Macaroni and cheese is as American as you can get. Some authorities attribute its invention to Thomas Jefferson, although that is probably apocryphal. Jefferson did bring pasta machines to the United States, but the first known published recipe came from a Philadelphia chef in the early 1800s. Whatever the real origin, the dish soon became popular in Virginia and the rest of the South. It appeared on the tables of many Southern homes as well as hotel and railroad diner menus for many decades extending into the twentieth century. Early recipes called for boiling the macaroni for an hour or longer until it fell apart. Then it was combined with cheese, covered with bread crumbs, and baked into what resembled a sort of pudding. Honestly, it sounds pretty disgusting regardless of its popularity.
The "gold standard" - boxed mac and cheese
The real event for mac and cheese, though, came in 1937 near the dawn of the prepared food rage that still engages America’s home cooks. Kraft brought out a boxed version complete with dried macaroni and a powdered cheese sauce that was billed as cheap, fast, and easy. The original recipe on the box called for bread crumbs on top and baking, but these embellishments were soon abandoned in favor of speed. Boxed mac and cheese was immediately popular and became more popular during the Second World War. After the war, when the whole style of home cooking was changing, it became a real favorite, especially with kids.
I remember loving mac and cheese as a child – pouring the macaroni out of the box into the boiling water, waiting for it to cook, draining it, and adding the powder from the little envelope along with some milk and butter. My grandkids still love that version, and when all else fails to please their finicky kid-type appetites, macaroni from the box is sure to appeal to them. For me during college days, boxed macaroni was a standby along with ramen noodles. Maybe that’s why and when it lost interest for my more grown-up tastes.
These days, restaurants including some very high-end places in our town are bringing out their fancy versions of this old-time favorite. You may find mac and cheese made with bleu cheese, green chiles, goat cheese, curly pastas, mushrooms, and even truffles.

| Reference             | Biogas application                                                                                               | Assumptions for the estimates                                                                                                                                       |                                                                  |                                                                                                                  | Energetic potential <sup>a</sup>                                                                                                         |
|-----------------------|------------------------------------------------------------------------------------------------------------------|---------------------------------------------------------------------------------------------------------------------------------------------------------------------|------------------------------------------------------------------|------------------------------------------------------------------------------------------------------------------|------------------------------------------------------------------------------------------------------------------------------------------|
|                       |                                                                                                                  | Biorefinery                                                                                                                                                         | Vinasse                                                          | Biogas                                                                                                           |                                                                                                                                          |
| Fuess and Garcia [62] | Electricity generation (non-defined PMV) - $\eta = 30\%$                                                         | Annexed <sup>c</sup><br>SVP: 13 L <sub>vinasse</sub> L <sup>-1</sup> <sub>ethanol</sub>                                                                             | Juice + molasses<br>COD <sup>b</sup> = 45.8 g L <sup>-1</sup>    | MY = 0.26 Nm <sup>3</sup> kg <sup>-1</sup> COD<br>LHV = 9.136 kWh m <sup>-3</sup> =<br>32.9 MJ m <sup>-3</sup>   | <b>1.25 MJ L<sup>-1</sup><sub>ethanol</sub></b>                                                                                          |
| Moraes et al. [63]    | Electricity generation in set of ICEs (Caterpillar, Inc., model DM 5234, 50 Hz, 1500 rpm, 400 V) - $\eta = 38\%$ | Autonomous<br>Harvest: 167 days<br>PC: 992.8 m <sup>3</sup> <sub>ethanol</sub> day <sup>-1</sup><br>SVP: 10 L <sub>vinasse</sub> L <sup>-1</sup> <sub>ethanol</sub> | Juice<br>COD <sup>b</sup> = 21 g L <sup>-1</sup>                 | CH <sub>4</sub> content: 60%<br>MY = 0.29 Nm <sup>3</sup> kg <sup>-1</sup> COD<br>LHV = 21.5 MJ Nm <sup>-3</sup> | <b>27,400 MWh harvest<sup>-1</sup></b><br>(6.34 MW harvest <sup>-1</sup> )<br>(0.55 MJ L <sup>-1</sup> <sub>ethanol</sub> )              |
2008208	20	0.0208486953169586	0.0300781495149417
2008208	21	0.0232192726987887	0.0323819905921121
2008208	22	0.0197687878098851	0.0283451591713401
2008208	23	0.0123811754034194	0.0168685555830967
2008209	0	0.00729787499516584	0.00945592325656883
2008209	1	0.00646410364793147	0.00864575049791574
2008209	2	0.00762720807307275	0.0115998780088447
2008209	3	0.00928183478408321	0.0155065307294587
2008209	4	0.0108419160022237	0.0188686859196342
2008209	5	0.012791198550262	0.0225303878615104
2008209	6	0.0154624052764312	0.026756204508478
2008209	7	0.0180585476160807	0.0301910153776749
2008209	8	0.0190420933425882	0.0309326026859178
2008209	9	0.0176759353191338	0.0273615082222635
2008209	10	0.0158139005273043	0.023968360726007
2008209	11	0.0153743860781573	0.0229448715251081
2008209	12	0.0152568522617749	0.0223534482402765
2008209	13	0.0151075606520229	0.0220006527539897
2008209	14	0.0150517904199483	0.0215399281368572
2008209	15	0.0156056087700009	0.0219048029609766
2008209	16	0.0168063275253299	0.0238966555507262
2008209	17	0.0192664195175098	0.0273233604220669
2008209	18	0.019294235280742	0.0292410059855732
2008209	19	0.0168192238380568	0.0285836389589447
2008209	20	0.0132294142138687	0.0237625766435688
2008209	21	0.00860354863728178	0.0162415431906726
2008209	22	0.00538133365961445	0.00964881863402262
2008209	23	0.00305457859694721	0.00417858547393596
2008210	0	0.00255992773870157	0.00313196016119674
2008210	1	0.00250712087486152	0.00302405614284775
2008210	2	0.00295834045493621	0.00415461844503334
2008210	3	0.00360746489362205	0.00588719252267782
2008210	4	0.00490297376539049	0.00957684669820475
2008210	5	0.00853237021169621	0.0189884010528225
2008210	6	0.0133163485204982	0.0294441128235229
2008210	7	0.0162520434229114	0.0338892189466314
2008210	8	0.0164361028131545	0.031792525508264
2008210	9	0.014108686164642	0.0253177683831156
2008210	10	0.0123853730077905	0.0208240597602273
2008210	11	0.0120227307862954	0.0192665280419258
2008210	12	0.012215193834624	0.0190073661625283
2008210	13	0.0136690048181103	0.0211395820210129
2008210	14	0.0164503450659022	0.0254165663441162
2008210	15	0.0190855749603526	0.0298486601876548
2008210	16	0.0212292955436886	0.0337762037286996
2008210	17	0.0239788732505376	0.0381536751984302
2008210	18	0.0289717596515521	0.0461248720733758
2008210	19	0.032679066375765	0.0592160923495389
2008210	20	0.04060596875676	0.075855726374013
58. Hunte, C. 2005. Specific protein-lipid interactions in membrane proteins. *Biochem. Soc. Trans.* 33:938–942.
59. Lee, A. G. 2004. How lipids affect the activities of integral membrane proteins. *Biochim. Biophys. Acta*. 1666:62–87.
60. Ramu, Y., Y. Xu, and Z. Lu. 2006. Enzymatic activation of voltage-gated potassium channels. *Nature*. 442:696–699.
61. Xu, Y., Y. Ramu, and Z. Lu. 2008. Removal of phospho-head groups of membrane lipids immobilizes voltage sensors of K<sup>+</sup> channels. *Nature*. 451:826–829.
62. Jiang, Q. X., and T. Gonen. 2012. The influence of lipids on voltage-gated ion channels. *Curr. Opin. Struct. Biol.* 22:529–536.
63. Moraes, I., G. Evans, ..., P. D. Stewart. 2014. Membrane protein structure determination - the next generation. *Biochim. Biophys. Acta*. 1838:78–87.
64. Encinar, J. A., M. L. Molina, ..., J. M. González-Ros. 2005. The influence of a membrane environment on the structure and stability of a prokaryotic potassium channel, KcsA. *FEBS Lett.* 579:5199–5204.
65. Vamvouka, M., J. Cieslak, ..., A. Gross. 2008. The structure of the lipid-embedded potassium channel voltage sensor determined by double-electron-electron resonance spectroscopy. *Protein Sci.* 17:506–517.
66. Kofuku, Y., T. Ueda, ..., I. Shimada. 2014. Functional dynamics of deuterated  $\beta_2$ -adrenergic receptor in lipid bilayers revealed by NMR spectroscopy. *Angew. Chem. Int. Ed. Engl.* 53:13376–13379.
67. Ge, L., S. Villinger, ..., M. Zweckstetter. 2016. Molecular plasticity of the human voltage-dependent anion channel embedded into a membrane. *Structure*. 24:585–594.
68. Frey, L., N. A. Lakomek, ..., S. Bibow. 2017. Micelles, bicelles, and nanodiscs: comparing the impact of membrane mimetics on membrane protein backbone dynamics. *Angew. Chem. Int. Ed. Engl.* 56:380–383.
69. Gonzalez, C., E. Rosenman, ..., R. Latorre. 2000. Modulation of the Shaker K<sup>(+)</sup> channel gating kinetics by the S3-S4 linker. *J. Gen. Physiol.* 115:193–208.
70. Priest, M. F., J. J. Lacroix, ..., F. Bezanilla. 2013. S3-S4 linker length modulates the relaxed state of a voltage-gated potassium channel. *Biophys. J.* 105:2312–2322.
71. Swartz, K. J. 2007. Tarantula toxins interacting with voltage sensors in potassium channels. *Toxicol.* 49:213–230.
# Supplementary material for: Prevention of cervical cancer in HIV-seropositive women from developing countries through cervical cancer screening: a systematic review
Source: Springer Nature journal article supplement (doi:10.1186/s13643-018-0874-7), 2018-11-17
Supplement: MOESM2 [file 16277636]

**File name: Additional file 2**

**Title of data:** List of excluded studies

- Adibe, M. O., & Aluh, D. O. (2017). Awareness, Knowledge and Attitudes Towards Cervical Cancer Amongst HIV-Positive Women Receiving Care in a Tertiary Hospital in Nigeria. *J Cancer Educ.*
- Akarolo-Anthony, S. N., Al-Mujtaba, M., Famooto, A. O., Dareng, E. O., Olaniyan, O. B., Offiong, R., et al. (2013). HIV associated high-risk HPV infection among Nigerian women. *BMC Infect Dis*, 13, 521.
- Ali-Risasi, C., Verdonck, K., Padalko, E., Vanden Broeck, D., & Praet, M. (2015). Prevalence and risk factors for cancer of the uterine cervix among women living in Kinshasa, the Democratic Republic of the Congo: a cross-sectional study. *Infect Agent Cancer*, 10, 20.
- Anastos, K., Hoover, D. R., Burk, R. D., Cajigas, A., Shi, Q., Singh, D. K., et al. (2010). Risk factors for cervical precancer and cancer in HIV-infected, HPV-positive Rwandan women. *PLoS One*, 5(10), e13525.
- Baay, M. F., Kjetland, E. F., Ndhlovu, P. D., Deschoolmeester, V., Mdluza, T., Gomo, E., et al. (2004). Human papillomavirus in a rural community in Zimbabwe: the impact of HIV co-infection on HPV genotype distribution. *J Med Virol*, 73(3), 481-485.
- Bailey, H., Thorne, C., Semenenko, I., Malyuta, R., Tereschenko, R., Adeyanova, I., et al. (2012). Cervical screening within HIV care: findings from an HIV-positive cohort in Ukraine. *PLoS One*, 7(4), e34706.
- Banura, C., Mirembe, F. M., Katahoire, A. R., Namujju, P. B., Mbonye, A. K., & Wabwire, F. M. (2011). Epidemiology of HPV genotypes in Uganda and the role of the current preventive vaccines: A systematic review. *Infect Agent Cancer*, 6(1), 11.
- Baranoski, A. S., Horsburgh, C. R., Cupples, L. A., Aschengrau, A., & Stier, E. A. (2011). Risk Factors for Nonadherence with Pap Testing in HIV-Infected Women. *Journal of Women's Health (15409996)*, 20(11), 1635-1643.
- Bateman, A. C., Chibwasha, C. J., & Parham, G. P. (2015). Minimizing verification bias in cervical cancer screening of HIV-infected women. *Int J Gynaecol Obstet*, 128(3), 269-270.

Shrimp and artichoke mac and cheese coming out of the oven
Another favorite comfort food, especially if you are a Southerner or even if you have only visited the South, is shrimp and grits. This delicacy of Southern cooking has a lot in common with macaroni and cheese – a smooth creamy base of starch, oozing, gooey cheese, and maybe a little crust on the top to give it just a bit of bite.
Served with broccoli, broccoli puree and cornbread
A couple of weeks ago, I was wondering what I could do to liven up the mac and cheese that I was making for dinner. What I came up with is this riff on shrimp and grits. It is guaranteed to be gooey and loaded with cheesy flavor. The shrimp, bacon, mushrooms, and artichokes make it a lot more substantial than the old-timey product made straight out of the box. I doubt that my grandkids would like this version, but I certainly did.
SHRIMP AND ARTICHOKE MACARONI AND CHEESE
You can use regular elbow macaroni for this dish, but it is more interesting to use different shapes or colors that you have been wanting to try. I have used foglie di carciofo, a flat, round pasta flavored with dried artichoke. It seems perfect for the dish, but any other would do.
12 oz (3 cups) dried pasta
5 oz (4 strips) thick-sliced bacon
5 medium (4 oz) cremini mushrooms, sliced
14 oz (1 can) or fresh or frozen artichoke hearts, quartered
1 lb raw shrimp, peeled
4 Tablespoons unsalted butter
4 Tablespoons flour
1½ Cups milk
½ Cup cream
2 ounces Cheddar cheese, grated
2 ounces Monterey jack cheese, grated
4 ounces Swiss cheese, grated
4 ounces sour cream
salt and pepper to taste
grated Parmesan cheese
- Generously butter the inside of a two-quart baking dish. Coat the insides with panko and set aside. Reserve additional panko for the top.
- In a large pot, bring 2 quarts of salted water to the boil. Add the pasta and return to the boil. Cook the pasta for 12 minutes or until al dente, stirring frequently. Drain and return to the pot. Set aside.
- In a 9 inch heavy-bottomed skillet over medium heat, sauté the bacon until not quite crisp. Remove the bacon and drain it on several thicknesses of paper towel. Chop coarsely and set aside. Then add the mushrooms to the still hot skillet and sauté in the bacon fat until lightly browned. Add the artichoke hearts and shrimp and continue to sauté until the shrimp are pink – about 3 minutes. Set aside.
- In a medium sauce pan over medium heat, melt the butter and add the flour, stirring constantly to make a light roux. Be careful not to brown. Add the milk and cream and stir constantly until thickened. Add the grated cheeses and sour cream and continue to stir until the cheeses are completely melted. Pour the mixture over the reserved pasta. Add the mushroom, artichoke, and shrimp mixture and stir gently to combine. Adjust the seasonings with salt and pepper.
- Transfer the mixture into the prepared baking dish, top with additional panko and grated Parmesan cheese. Baste the top with melted butter.
- Bake in the top third of a preheated oven at 350° for about one hour or until the top is golden brown. Transfer to a cooling rack for about 5 minutes and then serve immediately.
Yield: Serves 4 to 6 generously